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Cognitive Development

General Cognitive Changes Adolescents Experience 

Cognitive development refers to changes in the brain that prepare people to think and learn. Just as in early childhood, brains in adolescence undergo a lot of growth and development. These changes will reinforce adolescents’ abilities to make and carry out decisions that will help them thrive now and in the future. The brain grows and strengthens itself in three ways:

  • Growing new brain cells. Adolescence is one of the few times in which the brain produces a large number of cells at a very fast rate. In fact, the brain creates many more cells than will be needed. The extra brain cells give adolescents more places to store information, which helps them learn new skills.
  • Pruning some of the extra growth. The disadvantage of having extra brain cells is that they also decrease the brain’s efficiency. As adolescents go to school, live, and work, the brain trims down the extra growth based on the parts of the brain the adolescent actively uses. This pruning process creates a brain structure than enables adolescents to easily access the information they use most.
  • Strengthening connections. The connections between brain cells are what enable the information stored in the brain to be used in daily life. The brain strengthens these connections by wrapping a special fatty tissue around the cells to protect and insulate them. These changes help adolescents recall information and use it efficiently.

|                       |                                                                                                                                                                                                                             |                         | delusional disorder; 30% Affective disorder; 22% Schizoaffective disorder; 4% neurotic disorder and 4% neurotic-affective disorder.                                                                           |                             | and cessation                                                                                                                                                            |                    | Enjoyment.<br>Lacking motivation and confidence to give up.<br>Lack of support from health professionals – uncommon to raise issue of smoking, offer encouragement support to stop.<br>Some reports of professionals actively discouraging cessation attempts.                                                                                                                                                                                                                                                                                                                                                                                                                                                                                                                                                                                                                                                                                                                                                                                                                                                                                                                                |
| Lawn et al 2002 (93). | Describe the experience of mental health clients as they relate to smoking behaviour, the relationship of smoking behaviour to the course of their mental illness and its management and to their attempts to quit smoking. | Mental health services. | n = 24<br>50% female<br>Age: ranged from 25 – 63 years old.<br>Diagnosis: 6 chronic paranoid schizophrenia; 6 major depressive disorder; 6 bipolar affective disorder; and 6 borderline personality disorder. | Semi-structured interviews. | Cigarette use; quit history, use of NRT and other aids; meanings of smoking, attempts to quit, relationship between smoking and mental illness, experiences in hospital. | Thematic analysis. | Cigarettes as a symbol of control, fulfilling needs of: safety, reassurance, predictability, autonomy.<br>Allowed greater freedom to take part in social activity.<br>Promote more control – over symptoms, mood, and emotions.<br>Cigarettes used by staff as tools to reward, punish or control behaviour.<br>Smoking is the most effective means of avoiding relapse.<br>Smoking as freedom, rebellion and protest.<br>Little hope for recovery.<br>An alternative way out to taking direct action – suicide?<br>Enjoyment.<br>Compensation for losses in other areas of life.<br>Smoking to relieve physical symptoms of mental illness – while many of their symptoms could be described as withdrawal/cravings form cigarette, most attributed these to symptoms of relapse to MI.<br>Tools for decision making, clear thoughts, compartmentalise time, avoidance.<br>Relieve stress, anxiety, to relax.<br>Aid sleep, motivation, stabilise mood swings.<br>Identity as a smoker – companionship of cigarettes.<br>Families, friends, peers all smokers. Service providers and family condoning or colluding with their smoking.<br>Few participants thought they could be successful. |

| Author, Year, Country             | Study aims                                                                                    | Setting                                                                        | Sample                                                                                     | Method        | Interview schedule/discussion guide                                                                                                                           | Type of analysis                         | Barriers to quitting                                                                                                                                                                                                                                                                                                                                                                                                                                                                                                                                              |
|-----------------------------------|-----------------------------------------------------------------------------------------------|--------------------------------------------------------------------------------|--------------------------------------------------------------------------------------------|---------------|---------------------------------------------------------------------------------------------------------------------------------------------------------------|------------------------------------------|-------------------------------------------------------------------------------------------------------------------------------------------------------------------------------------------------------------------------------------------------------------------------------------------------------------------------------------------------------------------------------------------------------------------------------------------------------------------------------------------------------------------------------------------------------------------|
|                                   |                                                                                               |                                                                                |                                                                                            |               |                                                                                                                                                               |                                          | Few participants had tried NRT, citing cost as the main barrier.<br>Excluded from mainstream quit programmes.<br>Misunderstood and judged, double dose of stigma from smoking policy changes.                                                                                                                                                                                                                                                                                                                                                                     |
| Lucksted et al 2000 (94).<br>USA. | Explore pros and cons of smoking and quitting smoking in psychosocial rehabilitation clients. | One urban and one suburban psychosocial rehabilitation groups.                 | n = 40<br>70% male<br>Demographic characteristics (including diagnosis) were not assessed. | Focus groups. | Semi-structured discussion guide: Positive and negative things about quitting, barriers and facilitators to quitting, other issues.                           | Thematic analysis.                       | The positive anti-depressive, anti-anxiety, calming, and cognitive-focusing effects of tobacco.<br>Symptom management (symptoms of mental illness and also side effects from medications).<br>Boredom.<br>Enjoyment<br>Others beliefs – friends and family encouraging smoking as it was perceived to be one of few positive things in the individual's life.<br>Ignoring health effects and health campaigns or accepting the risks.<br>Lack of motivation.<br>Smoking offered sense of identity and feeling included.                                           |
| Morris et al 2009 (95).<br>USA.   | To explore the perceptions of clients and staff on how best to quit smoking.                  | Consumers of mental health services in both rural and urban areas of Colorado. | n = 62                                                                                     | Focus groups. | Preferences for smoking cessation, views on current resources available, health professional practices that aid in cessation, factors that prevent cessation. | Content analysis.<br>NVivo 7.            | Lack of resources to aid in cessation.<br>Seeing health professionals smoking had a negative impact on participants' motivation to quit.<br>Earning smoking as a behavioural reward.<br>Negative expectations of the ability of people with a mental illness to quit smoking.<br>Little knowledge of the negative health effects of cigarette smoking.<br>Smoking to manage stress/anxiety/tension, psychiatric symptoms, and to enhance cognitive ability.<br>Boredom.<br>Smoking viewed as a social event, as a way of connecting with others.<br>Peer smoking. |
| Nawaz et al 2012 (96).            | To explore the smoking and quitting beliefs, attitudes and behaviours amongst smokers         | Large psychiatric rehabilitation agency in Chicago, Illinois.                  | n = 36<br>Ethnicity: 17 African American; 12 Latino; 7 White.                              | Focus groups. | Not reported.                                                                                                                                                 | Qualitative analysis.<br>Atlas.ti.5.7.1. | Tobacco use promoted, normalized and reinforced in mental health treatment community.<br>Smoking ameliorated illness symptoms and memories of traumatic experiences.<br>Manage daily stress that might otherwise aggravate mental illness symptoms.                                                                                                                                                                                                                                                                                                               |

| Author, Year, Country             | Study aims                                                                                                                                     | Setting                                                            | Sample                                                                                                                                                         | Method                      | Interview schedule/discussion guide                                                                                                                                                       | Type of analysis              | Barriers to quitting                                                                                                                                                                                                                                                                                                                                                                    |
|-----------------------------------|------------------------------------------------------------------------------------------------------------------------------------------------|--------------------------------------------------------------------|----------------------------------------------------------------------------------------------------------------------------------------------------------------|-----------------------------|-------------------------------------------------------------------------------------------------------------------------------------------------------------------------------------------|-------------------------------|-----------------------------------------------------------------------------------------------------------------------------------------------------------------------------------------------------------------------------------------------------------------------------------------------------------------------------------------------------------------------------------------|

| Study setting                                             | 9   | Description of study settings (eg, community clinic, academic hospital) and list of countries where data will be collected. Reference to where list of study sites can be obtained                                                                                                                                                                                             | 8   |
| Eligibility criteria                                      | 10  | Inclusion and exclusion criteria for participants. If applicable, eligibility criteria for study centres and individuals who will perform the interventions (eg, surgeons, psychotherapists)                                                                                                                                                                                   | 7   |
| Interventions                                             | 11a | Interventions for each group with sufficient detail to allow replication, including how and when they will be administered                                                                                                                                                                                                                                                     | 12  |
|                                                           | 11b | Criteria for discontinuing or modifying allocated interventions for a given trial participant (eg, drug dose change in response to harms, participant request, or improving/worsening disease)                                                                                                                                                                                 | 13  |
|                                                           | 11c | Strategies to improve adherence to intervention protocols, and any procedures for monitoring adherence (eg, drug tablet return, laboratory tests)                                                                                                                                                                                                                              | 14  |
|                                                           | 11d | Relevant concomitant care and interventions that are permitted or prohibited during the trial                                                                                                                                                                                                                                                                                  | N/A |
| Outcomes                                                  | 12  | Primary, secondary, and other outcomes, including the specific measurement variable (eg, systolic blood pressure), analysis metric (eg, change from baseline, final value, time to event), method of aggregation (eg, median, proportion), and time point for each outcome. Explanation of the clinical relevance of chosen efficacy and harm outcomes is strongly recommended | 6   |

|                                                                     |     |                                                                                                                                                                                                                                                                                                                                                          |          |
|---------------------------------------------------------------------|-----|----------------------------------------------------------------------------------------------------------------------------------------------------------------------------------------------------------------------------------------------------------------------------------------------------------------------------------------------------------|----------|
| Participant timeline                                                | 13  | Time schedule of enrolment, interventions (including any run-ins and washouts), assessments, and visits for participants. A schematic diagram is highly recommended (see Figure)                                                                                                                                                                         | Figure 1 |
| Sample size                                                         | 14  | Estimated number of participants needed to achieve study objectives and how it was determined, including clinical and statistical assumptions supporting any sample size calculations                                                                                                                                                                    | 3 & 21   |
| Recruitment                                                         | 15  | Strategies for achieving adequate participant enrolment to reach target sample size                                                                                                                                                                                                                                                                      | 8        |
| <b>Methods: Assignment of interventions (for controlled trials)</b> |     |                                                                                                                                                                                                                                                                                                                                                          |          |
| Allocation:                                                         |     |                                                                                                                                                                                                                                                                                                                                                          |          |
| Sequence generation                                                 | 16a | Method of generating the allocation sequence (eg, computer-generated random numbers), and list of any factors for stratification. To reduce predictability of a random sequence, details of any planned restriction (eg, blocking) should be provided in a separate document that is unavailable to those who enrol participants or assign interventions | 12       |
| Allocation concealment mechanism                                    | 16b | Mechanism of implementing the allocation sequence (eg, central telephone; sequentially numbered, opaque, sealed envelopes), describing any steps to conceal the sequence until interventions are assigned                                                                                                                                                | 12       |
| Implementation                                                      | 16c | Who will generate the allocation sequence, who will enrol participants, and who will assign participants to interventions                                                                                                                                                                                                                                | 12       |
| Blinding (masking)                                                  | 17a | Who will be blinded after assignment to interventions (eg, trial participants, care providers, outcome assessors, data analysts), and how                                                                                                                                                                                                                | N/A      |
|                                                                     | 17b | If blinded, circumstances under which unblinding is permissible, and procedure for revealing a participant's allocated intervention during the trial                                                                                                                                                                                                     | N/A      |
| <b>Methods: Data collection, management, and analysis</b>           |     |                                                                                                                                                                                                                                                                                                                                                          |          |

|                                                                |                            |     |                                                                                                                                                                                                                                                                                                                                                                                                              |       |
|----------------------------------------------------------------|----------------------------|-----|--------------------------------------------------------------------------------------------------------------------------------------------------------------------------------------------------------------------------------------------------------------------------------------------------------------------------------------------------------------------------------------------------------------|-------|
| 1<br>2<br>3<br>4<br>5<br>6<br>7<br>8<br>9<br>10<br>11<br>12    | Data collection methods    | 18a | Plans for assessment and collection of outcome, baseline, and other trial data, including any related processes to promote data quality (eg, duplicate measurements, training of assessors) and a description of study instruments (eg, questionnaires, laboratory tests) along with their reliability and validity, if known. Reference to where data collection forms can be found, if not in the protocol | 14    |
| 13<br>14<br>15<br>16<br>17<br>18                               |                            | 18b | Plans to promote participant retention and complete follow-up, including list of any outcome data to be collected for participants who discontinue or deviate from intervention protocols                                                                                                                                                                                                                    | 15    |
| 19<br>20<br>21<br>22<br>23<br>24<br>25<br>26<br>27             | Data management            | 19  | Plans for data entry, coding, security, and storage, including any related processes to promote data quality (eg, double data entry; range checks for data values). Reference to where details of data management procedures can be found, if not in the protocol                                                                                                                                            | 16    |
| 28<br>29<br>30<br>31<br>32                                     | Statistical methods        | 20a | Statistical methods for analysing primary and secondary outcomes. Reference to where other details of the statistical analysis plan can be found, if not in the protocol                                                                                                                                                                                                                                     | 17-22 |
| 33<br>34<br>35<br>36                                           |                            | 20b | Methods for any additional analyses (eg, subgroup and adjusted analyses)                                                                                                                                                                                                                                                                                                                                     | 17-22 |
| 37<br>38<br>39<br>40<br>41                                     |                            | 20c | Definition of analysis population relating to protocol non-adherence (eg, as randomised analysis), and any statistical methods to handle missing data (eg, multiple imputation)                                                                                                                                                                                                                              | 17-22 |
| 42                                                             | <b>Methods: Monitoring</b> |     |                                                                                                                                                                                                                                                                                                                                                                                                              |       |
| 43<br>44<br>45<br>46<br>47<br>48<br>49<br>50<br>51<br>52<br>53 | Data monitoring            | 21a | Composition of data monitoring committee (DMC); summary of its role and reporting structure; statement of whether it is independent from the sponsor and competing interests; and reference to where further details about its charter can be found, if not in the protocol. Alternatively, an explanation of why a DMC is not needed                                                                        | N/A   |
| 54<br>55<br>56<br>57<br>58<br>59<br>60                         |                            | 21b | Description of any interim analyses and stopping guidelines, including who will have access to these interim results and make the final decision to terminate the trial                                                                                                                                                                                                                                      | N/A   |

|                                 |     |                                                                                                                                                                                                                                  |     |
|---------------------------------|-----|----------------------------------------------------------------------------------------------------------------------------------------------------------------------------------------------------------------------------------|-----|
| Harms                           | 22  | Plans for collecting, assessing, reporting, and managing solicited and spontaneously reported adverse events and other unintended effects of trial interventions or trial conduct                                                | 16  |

As fast as the changes happen, these processes take time. Different sections of the brain develop at different times, with the part of the brain responsible for abstract thinking, planning, and decision making developing last. Overall, the brain is not fully developed and protected until people are in their mid-twenties. 

Chronic conditions

"The teenage brain is not just an adult brain with fewer miles on it."
-- Francis Jensen

The changes in the adolescent brain affect adolescents’ thinking skills. Specifically, young people gain these advantages as the brain grows, prunes, and strengthens connections: 

  • Enhanced learning. New synapses, or gaps between nerve cells through which impulses are transmitted, make the adolescent brain a learning machine that can absorb facts, ideas, and skills.
  • Abstract thinking. Young children mostly understand only things that can be seen or touched. They may understand a portion of abstract ideas, such as love, justice, or fractions, but their understanding is of limited scope. As the brain develops in adolescence, a young person gains a broader understanding of more abstract ideas.  
  • Advanced reasoning. Children generally have limited reasoning that focuses on the information at hand. In contrast, adolescents can predict the results of their actions by using logic to imagine multiple options and different situations. This new ability helps young people plan for their future and consider how their choices will affect that future. 
  • Metacognition. Another new skill adolescents develop is “thinking about thinking”—or metacognition. This practice enables youth to reflect on how they came to an answer or conclusion. This new skill also helps adolescents think about how they learn best and find ways to improve how they absorb new information.  

Adolescence is an ideal time in a person’s life to gain and maintain new skills. The changes in the brain and how they shape a young person’s thinking help prepare adolescents for adult decision-making. Still, parents and other caring adults should remember that the teen brain is not fully developed. In particular, teens may struggle with impulse control and may be more likely to make decisions based on emotions than on logic. In addition, an adolescent’s thinking and decision-making processes may vary from day to day. By keeping these issues in mind, adults can provide the support adolescents need as their brains develop. 

Additional information on adolescent cognitive development can be found in The Teen Years Explained: A Guide to Healthy Adolescent Development, produced by the Center for Adolescent Health at the Johns Hopkins Bloomberg School of Public Health.


 

Content created by Office of Adolescent Health
Content last reviewed on July 29, 2018